Hel is the Norse goddess of the dead. She ruled over the underworld, Niflheim, where she received the dead. Her name means “one that hides.”
In Norse mythology, Hel’s father was the trickster god Loki and her mother the giantess Angrboda. Loki and Angrboda had three children: the wolf Fenrir; the serpent Jörmungandr; and Hel, their only daughter.
Hel was born with the bones on one half of her body fully exposed and, thus, is often depicted as a half-black and half-white monster. She grew up with Fenrir and Jörmungandr in Jotunheim, land of the giants, until Odin, ruler of the Aesir, decided they should live in Askgard where their father camefrom.
In Askgard, the other gods were uncomfortable with Hel’s appearance. Odin agreed to send her away. He gave her the World of Niflheim, one of the Nine Worlds, where she became queen of the dead.
Niflheim was divided into sections, including one called the shore of corpses. Here, a castle filled with venomous serpents stood facing north. It was full of murderers, perjurers, and adulterers who suffered while their blood was sucked by a dragon named Nidhogg.
When Odin’s son Baldur died because of a trick by Loki, his soul was also received in Niflheim. Hermod, another son of Odin’s, agreed to go to Hel to convince her to send Baldur home. But Loki played another trick to make it impossible for Baldur to return to the real world. The eventual exposure of his trickery led to the end of the world, a battle between good and evil known as Ragnarok.
Only warriors who were killed on the battlefield did not go to Niflheim. Instead, half of them went to live with Odin in his palatial home Valhalla and the other half with Freya in her afterlife realm Folkvang.
Hel was waited upon by two servants called Ganglati and Ganglot. It is said they moved so slowly that they appeared to be standing still. They served her meals in a dish named “hunger” and with a knife named “famine.”
In general, Hel is only mentioned in passing in Old Norse literature. It means her character is ill-defined and her personality little-developed. Some historians even suggest that she is a figment of the imagination of the Norse poets.
Facts About Hel
- Holland, Helvetia, Helsinki, and Holstein are well-known places that were probably named after Hel;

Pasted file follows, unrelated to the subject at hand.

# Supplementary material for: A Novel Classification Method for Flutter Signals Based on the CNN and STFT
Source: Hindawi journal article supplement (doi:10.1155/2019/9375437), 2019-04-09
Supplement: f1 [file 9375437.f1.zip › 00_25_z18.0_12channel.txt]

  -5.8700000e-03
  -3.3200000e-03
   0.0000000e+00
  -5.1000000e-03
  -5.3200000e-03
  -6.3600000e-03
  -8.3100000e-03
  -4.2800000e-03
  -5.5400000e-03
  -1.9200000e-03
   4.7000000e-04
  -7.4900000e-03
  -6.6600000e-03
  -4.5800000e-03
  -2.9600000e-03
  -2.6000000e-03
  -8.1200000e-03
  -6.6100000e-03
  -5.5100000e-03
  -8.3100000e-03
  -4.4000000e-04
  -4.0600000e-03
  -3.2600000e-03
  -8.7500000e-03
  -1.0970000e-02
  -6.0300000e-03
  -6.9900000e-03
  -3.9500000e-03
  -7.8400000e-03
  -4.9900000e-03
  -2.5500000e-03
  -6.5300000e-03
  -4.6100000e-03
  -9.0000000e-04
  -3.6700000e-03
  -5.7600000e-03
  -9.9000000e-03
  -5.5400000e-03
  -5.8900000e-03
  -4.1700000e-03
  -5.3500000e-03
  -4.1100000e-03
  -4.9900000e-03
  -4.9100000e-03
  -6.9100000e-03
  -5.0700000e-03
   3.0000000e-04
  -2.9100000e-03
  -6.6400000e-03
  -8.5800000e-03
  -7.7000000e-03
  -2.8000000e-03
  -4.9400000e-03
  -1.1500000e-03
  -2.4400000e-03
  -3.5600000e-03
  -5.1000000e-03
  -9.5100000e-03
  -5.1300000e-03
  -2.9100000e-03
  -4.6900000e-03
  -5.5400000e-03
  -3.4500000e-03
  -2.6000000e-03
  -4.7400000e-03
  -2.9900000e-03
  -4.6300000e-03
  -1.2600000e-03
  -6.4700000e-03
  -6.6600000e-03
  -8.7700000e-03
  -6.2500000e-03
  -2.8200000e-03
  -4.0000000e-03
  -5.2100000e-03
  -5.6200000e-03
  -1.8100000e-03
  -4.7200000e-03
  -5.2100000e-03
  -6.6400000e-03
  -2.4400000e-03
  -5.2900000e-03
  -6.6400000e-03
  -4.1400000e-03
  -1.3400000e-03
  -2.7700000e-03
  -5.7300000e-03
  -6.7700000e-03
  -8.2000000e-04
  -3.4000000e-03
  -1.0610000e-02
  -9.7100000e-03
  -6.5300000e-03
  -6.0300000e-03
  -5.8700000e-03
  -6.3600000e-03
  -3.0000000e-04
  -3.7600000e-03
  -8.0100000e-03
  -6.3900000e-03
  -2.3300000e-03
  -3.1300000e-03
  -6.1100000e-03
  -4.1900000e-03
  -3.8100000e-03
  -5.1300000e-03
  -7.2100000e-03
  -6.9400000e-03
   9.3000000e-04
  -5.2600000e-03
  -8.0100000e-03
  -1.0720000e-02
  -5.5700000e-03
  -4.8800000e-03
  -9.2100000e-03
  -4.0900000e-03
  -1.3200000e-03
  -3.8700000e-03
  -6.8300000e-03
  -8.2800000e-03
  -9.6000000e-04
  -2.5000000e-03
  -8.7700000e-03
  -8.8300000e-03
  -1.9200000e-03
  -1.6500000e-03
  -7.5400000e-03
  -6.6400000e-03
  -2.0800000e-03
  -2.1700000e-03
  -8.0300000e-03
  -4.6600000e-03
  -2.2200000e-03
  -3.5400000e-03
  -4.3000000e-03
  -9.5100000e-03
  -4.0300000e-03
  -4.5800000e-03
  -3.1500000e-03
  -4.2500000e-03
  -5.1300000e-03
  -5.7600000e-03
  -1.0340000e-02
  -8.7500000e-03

- Hel’s appearance could be the inspiration of the masked harlequin who appeared in Commedia dell’ Arte;
- No-one could hide anything from Hel. She had an eye of fire, which could only see the truth;
- The Vikings feared Hel’s appearance, and they were wary of Niflheim;
- Niflheim was an icy cold place rather than a place of fire and brimstone most associated with the modern idea of hell;
- In the Prose Edda written by Snorri Sturluson in the 13 th century, Niflheim is described as a place where a constant wail can be heard from the residents. It is damp with sleet and the walls are built with worms and the bones of humans;
- In the Gylfaginning, the first part of the Prose Edda, Hel is described as “rather downcast and fierce-looking”;
- Hel was feared by the Vikings, but the Gauls, Dutch, and Germanic peoples were more sympathetic towards her. They did not see Niflheim as a place of punishment and had a kinder approach to death;
- The expression “go to hell” originated with Hel and Niflheim;
- Niflheim existed beneath the roots of the world tree Yggdrasil;
- Jacob Grimm, a scholar of Norse mythology, had a theory that Hel was only a “half-goddess.” He argued that because Loki made the giantess Angrboda pregnant, there was no proof that Hel was of full divine blood;
- Some scholars have suggested that several of the imitation medallions and bracteates which remain from the Migration Period depicts Hel;
- Hela, the fictional villainess in Marvel Comics’ American comic books, is based on Hel. She is also featured in the webcomic The Order of the Stick, in which she is an antagonist who wants to destroy the world.
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